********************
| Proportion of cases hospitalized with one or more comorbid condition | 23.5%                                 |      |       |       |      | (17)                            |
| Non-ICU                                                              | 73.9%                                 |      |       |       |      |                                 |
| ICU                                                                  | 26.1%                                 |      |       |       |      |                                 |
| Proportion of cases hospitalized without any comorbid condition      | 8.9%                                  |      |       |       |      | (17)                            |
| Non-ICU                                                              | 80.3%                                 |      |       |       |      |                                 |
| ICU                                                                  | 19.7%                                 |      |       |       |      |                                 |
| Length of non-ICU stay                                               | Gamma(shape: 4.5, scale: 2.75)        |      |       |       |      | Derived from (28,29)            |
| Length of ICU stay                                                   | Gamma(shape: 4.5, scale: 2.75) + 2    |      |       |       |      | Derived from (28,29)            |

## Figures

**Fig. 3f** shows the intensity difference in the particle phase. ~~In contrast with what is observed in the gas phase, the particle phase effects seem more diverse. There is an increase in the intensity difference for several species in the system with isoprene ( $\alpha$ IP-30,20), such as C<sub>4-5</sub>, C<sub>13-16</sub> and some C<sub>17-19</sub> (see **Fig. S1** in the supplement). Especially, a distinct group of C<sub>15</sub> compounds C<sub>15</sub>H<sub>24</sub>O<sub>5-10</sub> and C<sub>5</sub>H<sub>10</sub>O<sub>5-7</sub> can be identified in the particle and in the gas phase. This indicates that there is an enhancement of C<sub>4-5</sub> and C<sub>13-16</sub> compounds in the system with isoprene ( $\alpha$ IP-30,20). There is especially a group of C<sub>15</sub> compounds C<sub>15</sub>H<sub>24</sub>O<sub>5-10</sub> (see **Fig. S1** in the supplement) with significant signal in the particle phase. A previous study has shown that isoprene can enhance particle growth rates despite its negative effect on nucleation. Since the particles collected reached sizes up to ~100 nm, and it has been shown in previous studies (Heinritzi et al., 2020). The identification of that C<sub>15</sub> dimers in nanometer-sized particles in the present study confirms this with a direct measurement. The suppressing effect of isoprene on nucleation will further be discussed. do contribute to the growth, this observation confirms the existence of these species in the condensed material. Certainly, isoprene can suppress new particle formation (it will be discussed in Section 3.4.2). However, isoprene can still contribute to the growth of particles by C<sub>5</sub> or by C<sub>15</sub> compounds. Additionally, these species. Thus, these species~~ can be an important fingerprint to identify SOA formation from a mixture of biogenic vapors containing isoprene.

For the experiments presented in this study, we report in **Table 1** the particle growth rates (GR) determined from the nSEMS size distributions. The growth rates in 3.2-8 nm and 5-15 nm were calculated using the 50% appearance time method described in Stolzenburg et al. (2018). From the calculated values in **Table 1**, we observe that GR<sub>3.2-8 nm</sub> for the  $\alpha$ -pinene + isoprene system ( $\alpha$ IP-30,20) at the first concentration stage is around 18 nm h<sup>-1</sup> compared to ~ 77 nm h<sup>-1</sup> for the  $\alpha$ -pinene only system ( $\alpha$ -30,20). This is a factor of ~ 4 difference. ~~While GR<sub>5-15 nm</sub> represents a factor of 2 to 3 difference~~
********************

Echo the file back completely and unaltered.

| Proportion of cases hospitalized with one or more comorbid condition | 23.5%                                 |      |       |       |      | (17)                            |
| Non-ICU                                                              | 73.9%                                 |      |       |       |      |                                 |
| ICU                                                                  | 26.1%                                 |      |       |       |      |                                 |
| Proportion of cases hospitalized without any comorbid condition      | 8.9%                                  |      |       |       |      | (17)                            |
| Non-ICU                                                              | 80.3%                                 |      |       |       |      |                                 |
| ICU                                                                  | 19.7%                                 |      |       |       |      |                                 |
| Length of non-ICU stay                                               | Gamma(shape: 4.5, scale: 2.75)        |      |       |       |      | Derived from (28,29)            |
| Length of ICU stay                                                   | Gamma(shape: 4.5, scale: 2.75) + 2    |      |       |       |      | Derived from (28,29)            |

## Figures

**Fig. 3f** shows the intensity difference in the particle phase. ~~In contrast with what is observed in the gas phase, the particle phase effects seem more diverse. There is an increase in the intensity difference for several species in the system with isoprene ( $\alpha$ IP-30,20), such as C<sub>4-5</sub>, C<sub>13-16</sub> and some C<sub>17-19</sub> (see **Fig. S1** in the supplement). Especially, a distinct group of C<sub>15</sub> compounds C<sub>15</sub>H<sub>24</sub>O<sub>5-10</sub> and C<sub>5</sub>H<sub>10</sub>O<sub>5-7</sub> can be identified in the particle and in the gas phase. This indicates that there is an enhancement of C<sub>4-5</sub> and C<sub>13-16</sub> compounds in the system with isoprene ( $\alpha$ IP-30,20). There is especially a group of C<sub>15</sub> compounds C<sub>15</sub>H<sub>24</sub>O<sub>5-10</sub> (see **Fig. S1** in the supplement) with significant signal in the particle phase. A previous study has shown that isoprene can enhance particle growth rates despite its negative effect on nucleation. Since the particles collected reached sizes up to ~100 nm, and it has been shown in previous studies (Heinritzi et al., 2020). The identification of that C<sub>15</sub> dimers in nanometer-sized particles in the present study confirms this with a direct measurement. The suppressing effect of isoprene on nucleation will further be discussed. do contribute to the growth, this observation confirms the existence of these species in the condensed material. Certainly, isoprene can suppress new particle formation (it will be discussed in Section 3.4.2). However, isoprene can still contribute to the growth of particles by C<sub>5</sub> or by C<sub>15</sub> compounds. Additionally, these species. Thus, these species~~ can be an important fingerprint to identify SOA formation from a mixture of biogenic vapors containing isoprene.

For the experiments presented in this study, we report in **Table 1** the particle growth rates (GR) determined from the nSEMS size distributions. The growth rates in 3.2-8 nm and 5-15 nm were calculated using the 50% appearance time method described in Stolzenburg et al. (2018). From the calculated values in **Table 1**, we observe that GR<sub>3.2-8 nm</sub> for the  $\alpha$ -pinene + isoprene system ( $\alpha$ IP-30,20) at the first concentration stage is around 18 nm h<sup>-1</sup> compared to ~ 77 nm h<sup>-1</sup> for the  $\alpha$ -pinene only system ( $\alpha$ -30,20). This is a factor of ~ 4 difference. ~~While GR<sub>5-15 nm</sub> represents a factor of 2 to 3 difference~~